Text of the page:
Neutrophils are central to immune defense but also participate in immune-mediated pathology. We have recently shown that the murine protein Ly6G interacts with ?2 integrins, and that antibody ligation of Ly6G blocks integrin-dependent recruitment of neutrophils to sites of inflammation. By contrast, in infectious pneumonia and peritonitis, recruitment is not similarly impaired, potentially reflecting the differential role of ?2 integrins in sterile and septic inflammation. Critically, we find that the human neutrophil-specific Ly6 family member CD177 exhibits similar activity, implicating both proteins in a novel mechanism regulating integrin-dependent neutrophil migration. The goal of this proposal is gain understanding of this new and potentially targetable pathway governing the egress of neutrophils into inflamed tissues. To accomplish this important goal, we propose three independent aims.
In Aim I, we employ newly- generated model neutrophils with manipulable Ly6G expression to test whether the native function of this protein is to promote or inhibit migration. Using in vitro and in in vivo models systems of sterile and septic inflammation, as well as cells developed from wild-type and ?2 integrin-deficient mice, we will test whether Ly6G blockade exhibits differential dependence on ?2 integrins for neutrophil recruitment.
In Aim II, we interrogate mechanisms by which the Ly6G controls ?2 integrins in primary neutrophils. Using cutting-edge FLIM molecular imaging, we will test how the physical association of Ly6G with ?2 integrins varies with activation state. We will determine the spatial relationship of Ly6G, integrins and other relevant molecules on neutrophils interacting with endothelium in vitro and in tissue. We will test the hypothesis that Ly6G modulates integrin internalization and/or proteolysis.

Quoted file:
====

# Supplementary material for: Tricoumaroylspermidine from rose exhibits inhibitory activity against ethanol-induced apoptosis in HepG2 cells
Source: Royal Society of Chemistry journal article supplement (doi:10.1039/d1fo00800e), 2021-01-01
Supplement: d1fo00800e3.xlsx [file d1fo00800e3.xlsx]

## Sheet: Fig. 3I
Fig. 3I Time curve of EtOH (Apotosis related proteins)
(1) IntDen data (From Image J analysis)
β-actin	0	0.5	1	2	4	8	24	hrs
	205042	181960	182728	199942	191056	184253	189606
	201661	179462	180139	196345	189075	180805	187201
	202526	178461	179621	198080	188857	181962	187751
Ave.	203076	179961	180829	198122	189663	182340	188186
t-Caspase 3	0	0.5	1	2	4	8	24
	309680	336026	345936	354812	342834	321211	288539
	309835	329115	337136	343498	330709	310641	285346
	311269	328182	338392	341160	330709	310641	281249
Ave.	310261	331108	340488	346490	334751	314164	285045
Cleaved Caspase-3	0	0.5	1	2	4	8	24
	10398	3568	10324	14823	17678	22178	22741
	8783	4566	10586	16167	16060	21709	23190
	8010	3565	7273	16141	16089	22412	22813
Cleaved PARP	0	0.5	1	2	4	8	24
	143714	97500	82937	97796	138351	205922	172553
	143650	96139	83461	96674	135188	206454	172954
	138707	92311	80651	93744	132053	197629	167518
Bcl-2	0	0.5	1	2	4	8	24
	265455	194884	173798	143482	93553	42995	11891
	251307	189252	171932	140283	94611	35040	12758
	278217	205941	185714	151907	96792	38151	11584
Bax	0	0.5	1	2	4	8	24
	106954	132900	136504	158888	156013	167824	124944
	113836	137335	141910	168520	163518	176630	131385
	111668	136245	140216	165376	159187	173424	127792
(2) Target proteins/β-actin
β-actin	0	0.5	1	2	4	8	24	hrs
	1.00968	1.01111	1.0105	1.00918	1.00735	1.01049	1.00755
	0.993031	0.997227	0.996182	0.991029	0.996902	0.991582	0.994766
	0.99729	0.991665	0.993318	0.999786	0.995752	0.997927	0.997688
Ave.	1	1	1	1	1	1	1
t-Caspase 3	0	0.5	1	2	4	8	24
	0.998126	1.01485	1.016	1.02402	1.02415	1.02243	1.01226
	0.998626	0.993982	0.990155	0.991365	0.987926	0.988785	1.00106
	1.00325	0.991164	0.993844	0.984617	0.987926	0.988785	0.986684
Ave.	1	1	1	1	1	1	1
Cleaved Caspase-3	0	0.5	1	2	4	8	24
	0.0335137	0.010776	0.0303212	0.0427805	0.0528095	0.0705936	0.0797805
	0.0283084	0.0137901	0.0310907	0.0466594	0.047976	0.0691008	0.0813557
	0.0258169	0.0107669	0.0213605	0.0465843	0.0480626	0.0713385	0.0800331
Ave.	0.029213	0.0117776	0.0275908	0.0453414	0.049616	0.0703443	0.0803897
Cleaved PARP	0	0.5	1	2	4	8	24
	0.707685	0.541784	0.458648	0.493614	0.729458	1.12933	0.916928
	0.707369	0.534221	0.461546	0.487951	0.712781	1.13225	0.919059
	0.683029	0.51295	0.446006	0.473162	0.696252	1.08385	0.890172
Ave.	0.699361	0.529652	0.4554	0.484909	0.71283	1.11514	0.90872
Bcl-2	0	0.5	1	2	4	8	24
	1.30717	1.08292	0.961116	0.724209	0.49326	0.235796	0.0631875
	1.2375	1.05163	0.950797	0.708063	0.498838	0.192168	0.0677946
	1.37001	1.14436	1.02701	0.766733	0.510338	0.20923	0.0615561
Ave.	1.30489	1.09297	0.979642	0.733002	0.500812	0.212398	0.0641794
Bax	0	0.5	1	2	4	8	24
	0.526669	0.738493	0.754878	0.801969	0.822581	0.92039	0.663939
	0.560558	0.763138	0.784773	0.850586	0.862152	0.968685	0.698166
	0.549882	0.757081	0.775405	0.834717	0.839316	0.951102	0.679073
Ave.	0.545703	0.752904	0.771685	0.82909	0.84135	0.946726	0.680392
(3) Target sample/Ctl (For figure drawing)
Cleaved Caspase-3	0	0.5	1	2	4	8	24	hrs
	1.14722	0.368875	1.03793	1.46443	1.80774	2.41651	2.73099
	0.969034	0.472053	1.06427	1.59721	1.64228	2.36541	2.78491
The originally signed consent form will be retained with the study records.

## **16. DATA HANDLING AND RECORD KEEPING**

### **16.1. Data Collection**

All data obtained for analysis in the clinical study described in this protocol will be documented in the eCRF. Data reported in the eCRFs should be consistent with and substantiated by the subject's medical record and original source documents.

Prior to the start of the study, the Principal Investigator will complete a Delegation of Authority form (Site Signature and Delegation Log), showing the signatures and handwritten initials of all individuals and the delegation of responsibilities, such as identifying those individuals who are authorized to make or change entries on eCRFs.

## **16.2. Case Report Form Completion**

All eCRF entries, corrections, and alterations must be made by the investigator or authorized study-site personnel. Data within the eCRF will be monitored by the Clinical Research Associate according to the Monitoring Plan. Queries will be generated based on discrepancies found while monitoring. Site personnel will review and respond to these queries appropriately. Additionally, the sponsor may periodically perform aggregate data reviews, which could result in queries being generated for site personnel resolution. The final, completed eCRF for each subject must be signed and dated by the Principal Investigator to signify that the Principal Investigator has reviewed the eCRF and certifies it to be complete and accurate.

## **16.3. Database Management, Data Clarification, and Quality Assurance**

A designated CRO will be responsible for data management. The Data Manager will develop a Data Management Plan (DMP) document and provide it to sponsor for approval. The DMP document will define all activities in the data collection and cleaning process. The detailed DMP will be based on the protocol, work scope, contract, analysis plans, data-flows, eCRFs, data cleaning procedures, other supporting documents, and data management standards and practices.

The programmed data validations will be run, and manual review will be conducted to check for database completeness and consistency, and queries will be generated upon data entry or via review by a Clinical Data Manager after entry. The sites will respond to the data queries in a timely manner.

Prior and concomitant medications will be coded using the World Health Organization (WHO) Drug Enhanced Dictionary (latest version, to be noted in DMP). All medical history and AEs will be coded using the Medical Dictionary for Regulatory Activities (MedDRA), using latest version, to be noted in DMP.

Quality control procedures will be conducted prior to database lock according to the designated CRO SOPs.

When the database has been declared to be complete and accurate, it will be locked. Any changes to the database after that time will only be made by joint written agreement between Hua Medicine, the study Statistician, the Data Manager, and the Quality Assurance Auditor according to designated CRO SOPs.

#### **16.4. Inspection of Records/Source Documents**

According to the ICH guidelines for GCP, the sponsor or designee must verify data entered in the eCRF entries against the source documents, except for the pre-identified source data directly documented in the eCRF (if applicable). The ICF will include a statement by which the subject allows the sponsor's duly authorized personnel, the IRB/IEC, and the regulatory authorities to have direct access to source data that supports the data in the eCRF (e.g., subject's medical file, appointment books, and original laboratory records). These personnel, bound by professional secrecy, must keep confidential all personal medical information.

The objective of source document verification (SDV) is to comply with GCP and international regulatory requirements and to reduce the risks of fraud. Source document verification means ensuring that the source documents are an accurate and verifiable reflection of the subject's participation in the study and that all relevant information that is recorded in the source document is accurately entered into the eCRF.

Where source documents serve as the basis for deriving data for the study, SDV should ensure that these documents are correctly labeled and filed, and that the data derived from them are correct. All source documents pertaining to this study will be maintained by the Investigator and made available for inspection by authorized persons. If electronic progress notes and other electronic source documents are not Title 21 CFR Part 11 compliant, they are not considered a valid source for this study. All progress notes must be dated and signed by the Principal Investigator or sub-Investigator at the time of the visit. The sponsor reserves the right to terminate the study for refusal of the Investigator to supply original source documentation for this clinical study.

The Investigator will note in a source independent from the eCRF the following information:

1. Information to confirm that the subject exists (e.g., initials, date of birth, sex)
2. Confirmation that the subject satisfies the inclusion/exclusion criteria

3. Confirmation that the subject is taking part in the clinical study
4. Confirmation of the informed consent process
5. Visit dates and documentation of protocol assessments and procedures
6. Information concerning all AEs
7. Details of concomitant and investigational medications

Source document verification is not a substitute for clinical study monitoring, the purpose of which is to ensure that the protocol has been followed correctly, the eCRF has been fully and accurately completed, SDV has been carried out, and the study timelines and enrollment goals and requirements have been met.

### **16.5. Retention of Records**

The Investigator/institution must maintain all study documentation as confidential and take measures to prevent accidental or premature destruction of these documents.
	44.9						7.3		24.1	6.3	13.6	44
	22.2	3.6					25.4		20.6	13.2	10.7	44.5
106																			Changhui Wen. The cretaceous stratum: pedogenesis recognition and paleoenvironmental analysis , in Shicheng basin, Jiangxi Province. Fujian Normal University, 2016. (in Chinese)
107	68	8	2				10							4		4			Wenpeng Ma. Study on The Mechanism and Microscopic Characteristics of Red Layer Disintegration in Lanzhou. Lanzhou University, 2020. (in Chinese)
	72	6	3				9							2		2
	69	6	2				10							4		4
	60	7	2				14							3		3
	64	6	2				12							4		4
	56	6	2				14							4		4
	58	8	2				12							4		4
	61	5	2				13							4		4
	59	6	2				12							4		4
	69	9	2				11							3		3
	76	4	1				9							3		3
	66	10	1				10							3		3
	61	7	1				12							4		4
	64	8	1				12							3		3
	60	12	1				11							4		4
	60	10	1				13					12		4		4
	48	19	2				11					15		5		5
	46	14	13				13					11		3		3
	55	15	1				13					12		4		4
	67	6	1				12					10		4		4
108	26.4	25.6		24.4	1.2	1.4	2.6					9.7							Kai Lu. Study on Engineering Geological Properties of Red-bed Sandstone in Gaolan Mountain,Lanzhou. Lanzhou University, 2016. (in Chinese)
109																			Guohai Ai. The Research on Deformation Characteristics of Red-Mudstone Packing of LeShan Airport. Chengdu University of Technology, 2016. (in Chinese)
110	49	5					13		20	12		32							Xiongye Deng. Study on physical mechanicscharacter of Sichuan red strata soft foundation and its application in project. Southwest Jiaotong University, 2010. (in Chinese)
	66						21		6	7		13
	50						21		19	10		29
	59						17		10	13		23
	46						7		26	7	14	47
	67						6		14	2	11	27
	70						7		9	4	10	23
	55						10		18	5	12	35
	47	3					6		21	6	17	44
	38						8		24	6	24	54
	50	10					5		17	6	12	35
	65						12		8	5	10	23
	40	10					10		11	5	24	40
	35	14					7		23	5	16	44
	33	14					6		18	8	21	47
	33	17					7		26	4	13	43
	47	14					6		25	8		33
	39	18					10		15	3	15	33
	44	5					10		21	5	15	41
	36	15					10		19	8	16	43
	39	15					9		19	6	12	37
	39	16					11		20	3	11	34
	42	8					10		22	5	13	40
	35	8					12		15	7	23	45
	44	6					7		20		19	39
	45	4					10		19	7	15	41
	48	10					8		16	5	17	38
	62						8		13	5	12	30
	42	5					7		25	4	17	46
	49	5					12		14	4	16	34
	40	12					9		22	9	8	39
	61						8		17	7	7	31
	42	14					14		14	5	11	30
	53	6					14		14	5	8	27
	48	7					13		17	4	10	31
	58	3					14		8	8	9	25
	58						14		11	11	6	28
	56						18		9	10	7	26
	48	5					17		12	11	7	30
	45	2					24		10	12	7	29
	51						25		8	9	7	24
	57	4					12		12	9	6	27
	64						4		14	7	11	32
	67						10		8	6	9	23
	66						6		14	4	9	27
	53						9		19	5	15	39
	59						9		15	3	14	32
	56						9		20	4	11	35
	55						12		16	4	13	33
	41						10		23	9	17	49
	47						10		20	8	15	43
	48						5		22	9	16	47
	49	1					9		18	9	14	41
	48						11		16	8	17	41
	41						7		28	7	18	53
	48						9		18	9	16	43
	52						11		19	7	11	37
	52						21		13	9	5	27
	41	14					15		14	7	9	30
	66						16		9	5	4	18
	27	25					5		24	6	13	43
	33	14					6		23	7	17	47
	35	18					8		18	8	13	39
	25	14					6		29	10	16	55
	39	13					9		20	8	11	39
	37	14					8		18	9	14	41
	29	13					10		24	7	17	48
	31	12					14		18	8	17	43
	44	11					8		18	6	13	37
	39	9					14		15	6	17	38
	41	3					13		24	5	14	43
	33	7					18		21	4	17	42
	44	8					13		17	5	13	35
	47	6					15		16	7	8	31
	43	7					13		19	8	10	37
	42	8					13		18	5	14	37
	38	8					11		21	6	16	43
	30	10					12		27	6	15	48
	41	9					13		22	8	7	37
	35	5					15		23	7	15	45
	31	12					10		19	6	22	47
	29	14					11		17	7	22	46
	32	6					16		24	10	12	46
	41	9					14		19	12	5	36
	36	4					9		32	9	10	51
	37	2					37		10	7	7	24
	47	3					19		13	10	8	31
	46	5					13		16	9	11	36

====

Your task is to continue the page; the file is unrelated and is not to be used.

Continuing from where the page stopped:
In Aim III, we test the hypothesis that CD177 is a Ly6G-like modulator of integrin-mediated migration in human neutrophils. Recognizing that potential manipulation demands better understanding of CD177pos and CD177neg neutrophil subsets, we will immunophenotype these cells in healthy and arthritic donors and study how they vary in blood, arthritic synovial fluid and infectious exudates. We will employ a new CD177-expressing neutrophil cell line to define the function of this protein on migration, and employ FLIM in primary human neutrophils to test how the interaction between CD177 and ?2 integrins could be targeted in inflammatory disease. These studies began with the serendipitous observation that antibodies against Ly6G blocked experiment arthritis in mice, even in the absence of neutrophil depletion (1). The proposed studies will employ new tools to define the molecular mechanism of this effect, in vitro and in vivo, while translating these observations into the definition of new mechanisms relevant for human disease, with a focus on inflammatory arthritis.
Neutrophils are the most abundant inflammatory cells in circulating blood, and their entry into inflamed sites can contribute to tissue injury in immune-mediated diseases such as arthritis. We have identified related proteins in mouse and human neutrophils that abrogate 2-integrin mediated migration when targeted by specific antibodies. Using a combination of in vitro and in vivo approaches, we seek to understand how these proteins function in order to identify novel targets for intervention in human inflammatory disease.
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